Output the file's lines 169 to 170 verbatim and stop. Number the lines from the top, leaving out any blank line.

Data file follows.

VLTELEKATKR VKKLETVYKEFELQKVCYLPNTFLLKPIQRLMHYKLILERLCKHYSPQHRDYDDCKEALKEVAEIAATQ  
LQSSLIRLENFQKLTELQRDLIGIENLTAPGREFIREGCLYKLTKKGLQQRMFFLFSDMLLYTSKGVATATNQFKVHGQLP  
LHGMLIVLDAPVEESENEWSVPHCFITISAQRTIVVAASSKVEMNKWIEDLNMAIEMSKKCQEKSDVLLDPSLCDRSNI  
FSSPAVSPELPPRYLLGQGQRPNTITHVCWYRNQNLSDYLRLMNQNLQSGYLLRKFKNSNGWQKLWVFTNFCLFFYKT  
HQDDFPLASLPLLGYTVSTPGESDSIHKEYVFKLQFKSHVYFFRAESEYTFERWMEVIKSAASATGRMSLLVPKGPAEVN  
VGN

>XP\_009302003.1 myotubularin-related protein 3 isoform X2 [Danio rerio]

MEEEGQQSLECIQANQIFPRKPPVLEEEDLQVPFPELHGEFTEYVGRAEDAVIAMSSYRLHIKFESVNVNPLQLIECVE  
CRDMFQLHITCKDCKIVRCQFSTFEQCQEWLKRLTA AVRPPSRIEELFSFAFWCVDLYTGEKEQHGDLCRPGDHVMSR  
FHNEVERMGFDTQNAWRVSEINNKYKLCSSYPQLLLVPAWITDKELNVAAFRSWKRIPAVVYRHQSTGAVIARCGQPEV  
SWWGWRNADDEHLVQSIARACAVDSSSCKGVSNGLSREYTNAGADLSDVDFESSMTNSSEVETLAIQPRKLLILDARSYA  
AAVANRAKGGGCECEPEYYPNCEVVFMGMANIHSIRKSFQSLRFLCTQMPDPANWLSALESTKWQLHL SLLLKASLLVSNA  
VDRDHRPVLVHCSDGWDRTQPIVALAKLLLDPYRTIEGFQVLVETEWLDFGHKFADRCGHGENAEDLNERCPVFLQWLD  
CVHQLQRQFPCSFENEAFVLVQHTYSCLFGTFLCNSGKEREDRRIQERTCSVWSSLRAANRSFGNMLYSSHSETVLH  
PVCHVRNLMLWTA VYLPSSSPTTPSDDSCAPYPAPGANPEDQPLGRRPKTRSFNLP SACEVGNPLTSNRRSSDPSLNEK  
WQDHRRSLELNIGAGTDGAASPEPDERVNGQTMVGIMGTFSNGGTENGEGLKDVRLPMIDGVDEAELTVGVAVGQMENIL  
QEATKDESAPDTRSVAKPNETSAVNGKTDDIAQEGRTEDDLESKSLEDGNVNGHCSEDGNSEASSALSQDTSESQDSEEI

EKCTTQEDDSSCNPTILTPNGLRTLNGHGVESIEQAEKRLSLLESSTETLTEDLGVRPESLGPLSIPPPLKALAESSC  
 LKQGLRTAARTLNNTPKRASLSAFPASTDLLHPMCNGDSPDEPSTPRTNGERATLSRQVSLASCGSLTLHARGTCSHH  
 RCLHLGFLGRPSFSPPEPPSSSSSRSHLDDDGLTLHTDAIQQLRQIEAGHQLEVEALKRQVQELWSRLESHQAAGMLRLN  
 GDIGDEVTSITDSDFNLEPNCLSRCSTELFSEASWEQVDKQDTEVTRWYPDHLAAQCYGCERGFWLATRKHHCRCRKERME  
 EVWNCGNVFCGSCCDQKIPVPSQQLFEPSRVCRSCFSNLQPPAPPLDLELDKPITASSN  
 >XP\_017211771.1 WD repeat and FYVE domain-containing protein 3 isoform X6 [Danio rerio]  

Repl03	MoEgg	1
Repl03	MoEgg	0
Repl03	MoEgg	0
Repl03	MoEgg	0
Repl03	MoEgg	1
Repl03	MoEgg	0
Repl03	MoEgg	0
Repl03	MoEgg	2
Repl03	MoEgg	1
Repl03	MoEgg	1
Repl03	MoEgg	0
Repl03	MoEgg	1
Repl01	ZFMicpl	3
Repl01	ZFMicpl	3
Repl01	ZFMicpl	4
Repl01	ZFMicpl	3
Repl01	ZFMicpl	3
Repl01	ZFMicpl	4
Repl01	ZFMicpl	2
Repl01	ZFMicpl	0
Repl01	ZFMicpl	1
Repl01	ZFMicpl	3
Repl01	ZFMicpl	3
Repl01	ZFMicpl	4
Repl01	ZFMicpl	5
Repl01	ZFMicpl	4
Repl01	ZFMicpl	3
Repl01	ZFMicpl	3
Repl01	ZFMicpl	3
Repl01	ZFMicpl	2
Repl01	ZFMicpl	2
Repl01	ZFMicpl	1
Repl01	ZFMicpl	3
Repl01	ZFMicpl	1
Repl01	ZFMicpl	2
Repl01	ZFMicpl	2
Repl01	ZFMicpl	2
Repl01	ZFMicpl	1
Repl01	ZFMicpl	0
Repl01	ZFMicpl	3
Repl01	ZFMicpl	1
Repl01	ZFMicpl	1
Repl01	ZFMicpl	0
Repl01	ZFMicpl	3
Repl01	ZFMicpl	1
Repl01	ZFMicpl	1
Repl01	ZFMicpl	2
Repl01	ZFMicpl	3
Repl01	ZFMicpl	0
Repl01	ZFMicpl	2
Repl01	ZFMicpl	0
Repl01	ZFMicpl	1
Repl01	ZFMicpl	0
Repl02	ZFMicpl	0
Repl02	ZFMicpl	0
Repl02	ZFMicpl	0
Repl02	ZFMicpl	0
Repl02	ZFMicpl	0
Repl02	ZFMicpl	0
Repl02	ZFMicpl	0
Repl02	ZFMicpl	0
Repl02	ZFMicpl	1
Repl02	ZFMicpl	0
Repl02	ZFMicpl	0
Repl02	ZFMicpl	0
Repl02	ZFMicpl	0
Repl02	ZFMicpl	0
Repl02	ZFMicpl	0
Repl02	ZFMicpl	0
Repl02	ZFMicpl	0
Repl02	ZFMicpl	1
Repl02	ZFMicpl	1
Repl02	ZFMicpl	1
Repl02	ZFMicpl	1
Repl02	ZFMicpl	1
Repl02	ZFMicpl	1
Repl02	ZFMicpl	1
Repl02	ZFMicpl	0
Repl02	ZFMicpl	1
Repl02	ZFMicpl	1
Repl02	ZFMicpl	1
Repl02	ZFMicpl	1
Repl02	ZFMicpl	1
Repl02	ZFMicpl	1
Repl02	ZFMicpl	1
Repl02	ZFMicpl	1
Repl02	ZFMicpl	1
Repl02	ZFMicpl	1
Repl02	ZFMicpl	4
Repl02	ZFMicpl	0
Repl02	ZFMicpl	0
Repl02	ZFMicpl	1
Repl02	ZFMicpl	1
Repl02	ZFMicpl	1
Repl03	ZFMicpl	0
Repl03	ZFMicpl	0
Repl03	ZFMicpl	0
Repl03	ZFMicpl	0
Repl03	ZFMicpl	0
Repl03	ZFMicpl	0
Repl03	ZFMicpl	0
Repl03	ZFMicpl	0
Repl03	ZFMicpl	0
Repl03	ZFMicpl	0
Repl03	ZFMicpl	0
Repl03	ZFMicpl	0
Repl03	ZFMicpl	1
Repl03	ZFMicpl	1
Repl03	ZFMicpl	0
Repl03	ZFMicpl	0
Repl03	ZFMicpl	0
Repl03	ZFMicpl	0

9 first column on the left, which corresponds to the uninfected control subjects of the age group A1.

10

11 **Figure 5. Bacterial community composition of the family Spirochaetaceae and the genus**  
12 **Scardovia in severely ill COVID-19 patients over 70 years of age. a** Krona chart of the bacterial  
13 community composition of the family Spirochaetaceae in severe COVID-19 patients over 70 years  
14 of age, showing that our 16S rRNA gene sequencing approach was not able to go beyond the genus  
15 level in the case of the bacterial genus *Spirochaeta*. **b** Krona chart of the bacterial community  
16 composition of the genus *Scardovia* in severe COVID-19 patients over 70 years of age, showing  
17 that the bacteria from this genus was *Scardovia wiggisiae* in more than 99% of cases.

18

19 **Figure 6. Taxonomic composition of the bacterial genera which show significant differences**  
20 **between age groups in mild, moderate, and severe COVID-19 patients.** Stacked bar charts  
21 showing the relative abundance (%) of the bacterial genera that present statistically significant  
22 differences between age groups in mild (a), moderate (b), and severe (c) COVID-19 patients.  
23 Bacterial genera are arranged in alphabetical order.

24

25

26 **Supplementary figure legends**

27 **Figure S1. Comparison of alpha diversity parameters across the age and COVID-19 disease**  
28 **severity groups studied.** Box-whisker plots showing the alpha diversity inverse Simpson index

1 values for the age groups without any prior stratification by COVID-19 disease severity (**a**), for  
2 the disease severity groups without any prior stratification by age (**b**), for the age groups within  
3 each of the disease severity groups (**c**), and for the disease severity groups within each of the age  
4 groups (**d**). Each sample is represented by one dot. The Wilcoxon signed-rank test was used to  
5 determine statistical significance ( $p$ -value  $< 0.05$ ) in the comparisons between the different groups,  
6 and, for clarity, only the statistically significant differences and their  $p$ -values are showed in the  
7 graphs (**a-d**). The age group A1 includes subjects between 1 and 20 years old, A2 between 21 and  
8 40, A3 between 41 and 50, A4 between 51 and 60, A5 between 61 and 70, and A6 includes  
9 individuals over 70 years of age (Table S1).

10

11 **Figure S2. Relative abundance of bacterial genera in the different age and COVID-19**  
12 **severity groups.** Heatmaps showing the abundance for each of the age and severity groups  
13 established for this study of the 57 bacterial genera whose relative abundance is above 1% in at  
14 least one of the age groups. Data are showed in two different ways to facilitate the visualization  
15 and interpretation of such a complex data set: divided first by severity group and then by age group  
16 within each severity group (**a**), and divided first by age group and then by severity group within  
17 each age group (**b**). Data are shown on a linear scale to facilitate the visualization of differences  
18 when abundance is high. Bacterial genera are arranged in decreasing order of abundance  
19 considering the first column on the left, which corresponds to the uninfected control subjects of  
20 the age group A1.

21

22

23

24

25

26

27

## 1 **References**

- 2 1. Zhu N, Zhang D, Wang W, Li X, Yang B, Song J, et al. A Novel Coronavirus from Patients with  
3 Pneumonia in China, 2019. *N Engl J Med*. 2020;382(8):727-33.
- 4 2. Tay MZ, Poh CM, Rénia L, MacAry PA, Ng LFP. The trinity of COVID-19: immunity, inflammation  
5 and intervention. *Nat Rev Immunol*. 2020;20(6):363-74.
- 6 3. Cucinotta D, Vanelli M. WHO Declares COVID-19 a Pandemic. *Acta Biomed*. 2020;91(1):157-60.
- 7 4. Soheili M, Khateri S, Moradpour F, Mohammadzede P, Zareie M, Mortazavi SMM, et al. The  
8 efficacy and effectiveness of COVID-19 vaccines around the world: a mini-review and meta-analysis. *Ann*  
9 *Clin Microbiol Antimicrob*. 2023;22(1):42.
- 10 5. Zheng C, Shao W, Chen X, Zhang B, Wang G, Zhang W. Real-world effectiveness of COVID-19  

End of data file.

14 least one of the age groups. Data are showed in two different ways to facilitate the visualization  
15 and interpretation of such a complex data set: divided first by severity group and then by age group  